Talk to the Veterans Crisis Line now
U.S. flag
An official website of the United States government

Health Services Research & Development

Go to the ORD website
Go to the QUERI website

HSR&D Citation Abstract

Search | Search by Center | Search by Source | Keywords in Title

Risk Prediction Models for Post-Operative Mortality in Patients With Cirrhosis.

Mahmud N, Fricker Z, Hubbard RA, Ioannou GN, Lewis JD, Taddei TH, Rothstein KD, Serper M, Goldberg DS, Kaplan DE. Risk Prediction Models for Post-Operative Mortality in Patients With Cirrhosis. Hepatology (Baltimore, Md.). 2021 Jan 1; 73(1):204-218.

Dimensions for VA is a web-based tool available to VA staff that enables detailed searches of published research and research projects.

If you have VA-Intranet access, click here for more information vaww.hsrd.research.va.gov/dimensions/

VA staff not currently on the VA network can access Dimensions by registering for an account using their VA email address.
   Search Dimensions for VA for this citation
* Don't have VA-internal network access or a VA email address? Try searching the free-to-the-public version of Dimensions



Abstract:

BACKGROUND AND AIMS: Patients with cirrhosis are at increased risk of postoperative mortality. Currently available tools to predict postoperative risk are suboptimally calibrated and do not account for surgery type. Our objective was to use population-level data to derive and internally validate cirrhosis surgical risk models. APPROACH AND RESULTS: We conducted a retrospective cohort study using data from the Veterans Outcomes and Costs Associated with Liver Disease (VOCAL) cohort, which contains granular data on patients with cirrhosis from 128 U.S. medical centers, merged with the Veterans Affairs Surgical Quality Improvement Program (VASQIP) to identify surgical procedures. We categorized surgeries as abdominal wall, vascular, abdominal, cardiac, chest, or orthopedic and used multivariable logistic regression to model 30-, 90-, and 180-day postoperative mortality (VOCAL-Penn models). We compared model discrimination and calibration of VOCAL-Penn to the Mayo Risk Score (MRS), Model for End-Stage Liver Disease (MELD), Model for End-Stage Liver Disease-Sodium MELD-Na, and Child-Turcotte-Pugh (CTP) scores. We identified 4,712 surgical procedures in 3,785 patients with cirrhosis. The VOCAL-Penn models were derived and internally validated with excellent discrimination (30-day postoperative mortality C-statistic  =  0.859; 95% confidence interval [CI], 0.809-0.909). Predictors included age, preoperative albumin, platelet count, bilirubin, surgery category, emergency indication, fatty liver disease, American Society of Anesthesiologists classification, and obesity. Model performance was superior to MELD, MELD-Na, CTP, and MRS at all time points (e.g., 30-day postoperative mortality C-statistic for MRS  =  0.766; 95% CI, 0.676-0.855) in terms of discrimination and calibration. CONCLUSIONS: The VOCAL-Penn models substantially improve postoperative mortality predictions in patients with cirrhosis. These models may be applied in practice to improve preoperative risk stratification and optimize patient selection for surgical procedures (www.vocalpennscore.com).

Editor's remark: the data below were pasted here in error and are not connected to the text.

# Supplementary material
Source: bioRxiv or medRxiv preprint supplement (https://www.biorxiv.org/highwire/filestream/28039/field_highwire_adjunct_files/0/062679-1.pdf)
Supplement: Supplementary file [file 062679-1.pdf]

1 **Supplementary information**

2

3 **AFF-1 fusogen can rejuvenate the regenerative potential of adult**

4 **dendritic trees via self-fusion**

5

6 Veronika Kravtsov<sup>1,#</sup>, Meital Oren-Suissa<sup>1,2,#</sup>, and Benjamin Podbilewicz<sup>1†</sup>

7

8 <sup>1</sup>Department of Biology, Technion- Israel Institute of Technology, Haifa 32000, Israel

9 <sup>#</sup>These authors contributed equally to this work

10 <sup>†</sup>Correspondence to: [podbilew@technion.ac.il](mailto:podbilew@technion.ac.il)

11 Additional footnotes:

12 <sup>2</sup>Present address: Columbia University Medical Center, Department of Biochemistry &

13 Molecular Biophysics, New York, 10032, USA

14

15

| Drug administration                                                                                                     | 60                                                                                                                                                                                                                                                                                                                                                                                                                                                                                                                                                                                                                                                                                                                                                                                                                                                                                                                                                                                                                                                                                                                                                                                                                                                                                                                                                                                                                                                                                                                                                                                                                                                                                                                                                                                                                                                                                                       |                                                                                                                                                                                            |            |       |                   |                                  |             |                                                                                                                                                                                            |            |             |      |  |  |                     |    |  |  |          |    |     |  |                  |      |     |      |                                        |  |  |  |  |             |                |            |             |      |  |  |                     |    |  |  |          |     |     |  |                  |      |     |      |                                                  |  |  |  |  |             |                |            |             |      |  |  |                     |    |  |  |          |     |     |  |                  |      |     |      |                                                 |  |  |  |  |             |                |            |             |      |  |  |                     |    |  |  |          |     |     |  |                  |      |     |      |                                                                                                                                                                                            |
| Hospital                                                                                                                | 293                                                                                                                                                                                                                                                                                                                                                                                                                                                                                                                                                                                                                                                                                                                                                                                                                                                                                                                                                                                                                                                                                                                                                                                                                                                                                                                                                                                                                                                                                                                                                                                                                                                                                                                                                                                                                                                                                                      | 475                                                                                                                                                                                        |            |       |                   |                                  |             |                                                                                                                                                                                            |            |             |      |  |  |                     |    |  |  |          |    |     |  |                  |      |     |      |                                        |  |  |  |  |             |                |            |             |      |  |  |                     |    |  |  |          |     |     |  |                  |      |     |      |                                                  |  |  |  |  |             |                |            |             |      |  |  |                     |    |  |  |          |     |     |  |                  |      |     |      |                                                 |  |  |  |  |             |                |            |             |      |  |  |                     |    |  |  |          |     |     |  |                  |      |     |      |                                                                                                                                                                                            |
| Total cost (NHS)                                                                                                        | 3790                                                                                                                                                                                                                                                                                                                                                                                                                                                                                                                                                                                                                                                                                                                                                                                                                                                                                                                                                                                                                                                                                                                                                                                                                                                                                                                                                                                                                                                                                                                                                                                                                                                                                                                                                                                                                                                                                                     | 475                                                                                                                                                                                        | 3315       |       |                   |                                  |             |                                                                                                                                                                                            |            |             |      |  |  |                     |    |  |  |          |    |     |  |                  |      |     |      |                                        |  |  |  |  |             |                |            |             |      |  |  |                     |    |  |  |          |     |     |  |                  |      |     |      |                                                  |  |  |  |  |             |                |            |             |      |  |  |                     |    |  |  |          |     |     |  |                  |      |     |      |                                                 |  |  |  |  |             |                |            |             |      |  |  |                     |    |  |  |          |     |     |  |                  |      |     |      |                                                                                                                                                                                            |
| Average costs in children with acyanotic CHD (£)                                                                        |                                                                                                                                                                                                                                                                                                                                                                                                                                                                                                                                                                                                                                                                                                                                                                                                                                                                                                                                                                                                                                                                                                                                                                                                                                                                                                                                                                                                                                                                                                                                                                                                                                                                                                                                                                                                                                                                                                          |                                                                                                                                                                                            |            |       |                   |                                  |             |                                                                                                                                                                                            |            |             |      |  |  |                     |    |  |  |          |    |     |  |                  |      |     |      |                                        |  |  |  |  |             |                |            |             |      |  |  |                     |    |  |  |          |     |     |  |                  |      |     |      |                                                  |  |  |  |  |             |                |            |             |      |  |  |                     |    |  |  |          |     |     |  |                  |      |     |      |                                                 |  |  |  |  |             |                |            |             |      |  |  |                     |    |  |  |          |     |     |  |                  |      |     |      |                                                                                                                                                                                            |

Questions about the HSR&D website? Email the Web Team.

Any health information on this website is strictly for informational purposes and is not intended as medical advice. It should not be used to diagnose or treat any condition.